A rebound could pave the way for the Federal Reserve to raise interest rates next month.
U.S. job growth likely rebounded in April and wages increased, pointing to a further tightening in labor market conditions that could pave the way for the Federal Reserve to raise interest rates next month.
Nonfarm payrolls probably increased by 185,000 jobs last month, according to a Reuters poll of economists, after a paltry gain of 98,000 in March.
The March gain, the smallest in 10 months, was dismissed as payback after unseasonably mild temperatures in January and February pulled forward hiring in weather-sensitive sectors like construction and leisure and hospitality.
The Labor Department will release its closely watched employment report at 8:30 a.m. EDT on Friday.
Job gains in line with expectations would support the Fed’s contention that the pedestrian 0.7% annualized economic growth pace in the first quarter was likely “transitory,” and its optimism that economic activity would expand at a “moderate” pace.
“The labor market continues to tighten, we have on average seen inflation rise over this past year,” said Ray Stone, an economist at Stone & McCarthy Research Associates in Princeton, New Jersey. “From the Fed’s perspective, there is probably going to be a policy tightening in June and probably again sometime over the balance of the year.”
The Fed on Wednesday kept its benchmark overnight interest rate unchanged and said it expected labor market conditions would “strengthen somewhat further.”
The U.S. central bank raised its overnight interest rate by a quarter of a percentage point in March and has forecast two more increases this year.
Average hourly earnings likely rose 0.3% last month, partly because of a calendar quirk. While that would keep the year-on-year increase at 2.7%, there are signs that wage growth is accelerating as labor market slack diminishes.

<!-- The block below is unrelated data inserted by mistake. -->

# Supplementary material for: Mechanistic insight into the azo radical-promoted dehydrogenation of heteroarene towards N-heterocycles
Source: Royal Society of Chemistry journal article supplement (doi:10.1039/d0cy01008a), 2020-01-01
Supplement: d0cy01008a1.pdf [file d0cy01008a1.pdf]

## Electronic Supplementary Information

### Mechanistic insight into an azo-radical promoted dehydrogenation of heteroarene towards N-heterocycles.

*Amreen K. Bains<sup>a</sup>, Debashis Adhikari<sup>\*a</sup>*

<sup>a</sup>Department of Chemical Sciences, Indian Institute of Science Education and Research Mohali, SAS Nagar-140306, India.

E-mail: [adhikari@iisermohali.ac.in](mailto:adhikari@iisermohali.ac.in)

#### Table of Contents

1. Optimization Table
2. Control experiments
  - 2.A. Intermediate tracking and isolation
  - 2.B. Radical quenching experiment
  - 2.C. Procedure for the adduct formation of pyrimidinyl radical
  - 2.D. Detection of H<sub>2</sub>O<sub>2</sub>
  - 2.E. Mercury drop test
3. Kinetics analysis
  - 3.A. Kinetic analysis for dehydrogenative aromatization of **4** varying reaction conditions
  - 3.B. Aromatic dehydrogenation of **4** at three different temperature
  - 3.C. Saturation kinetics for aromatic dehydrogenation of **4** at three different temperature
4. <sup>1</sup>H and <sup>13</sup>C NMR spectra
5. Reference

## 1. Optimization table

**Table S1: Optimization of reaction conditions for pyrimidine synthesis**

A government report last week showed private sector wages recorded their biggest gain in 10 years in the first quarter.
Near Full Employment
The economy needs to create 75,000 to 100,000 jobs per month to keep up with growth in the working-age population. Job growth averaged 178,000 per month in the first quarter.
The unemployment rate probably ticked up to 4.6% last month from a near 10-year low of 4.5% in March. With the labor market expected to hit a level consistent with full employment this year, payroll gains could slow as firms struggle to find qualified workers.
“We have seen a steady increase in anecdotal evidence of a mismatch in the labor force,” said David Donabedian, chief investment officer at CIBC Atlantic Trust Private Wealth Management in Baltimore. “There are a number of industries that are having trouble hiring enough qualified personnel and those things will eventually lead to upward wage pressures.”
Construction and manufacturing hiring likely led the anticipated acceleration in job growth last month. Retail employment probably declined for a third straight month.
More people likely entered the labor force in April, which could led to a marginal rise in the participation rate, or the share of working-age Americans who are employed or at least looking for a job. The labor force participation rate is at an 11-month high of 63%.
“At this point there just aren’t a lot of excess discouraged workers left and dropout rates of unemployed workers are already low, so there’s not a lot of apparent room left to extend the participation rate rebound,” said Ted Wieseman, an economist at Morgan Stanley in New York.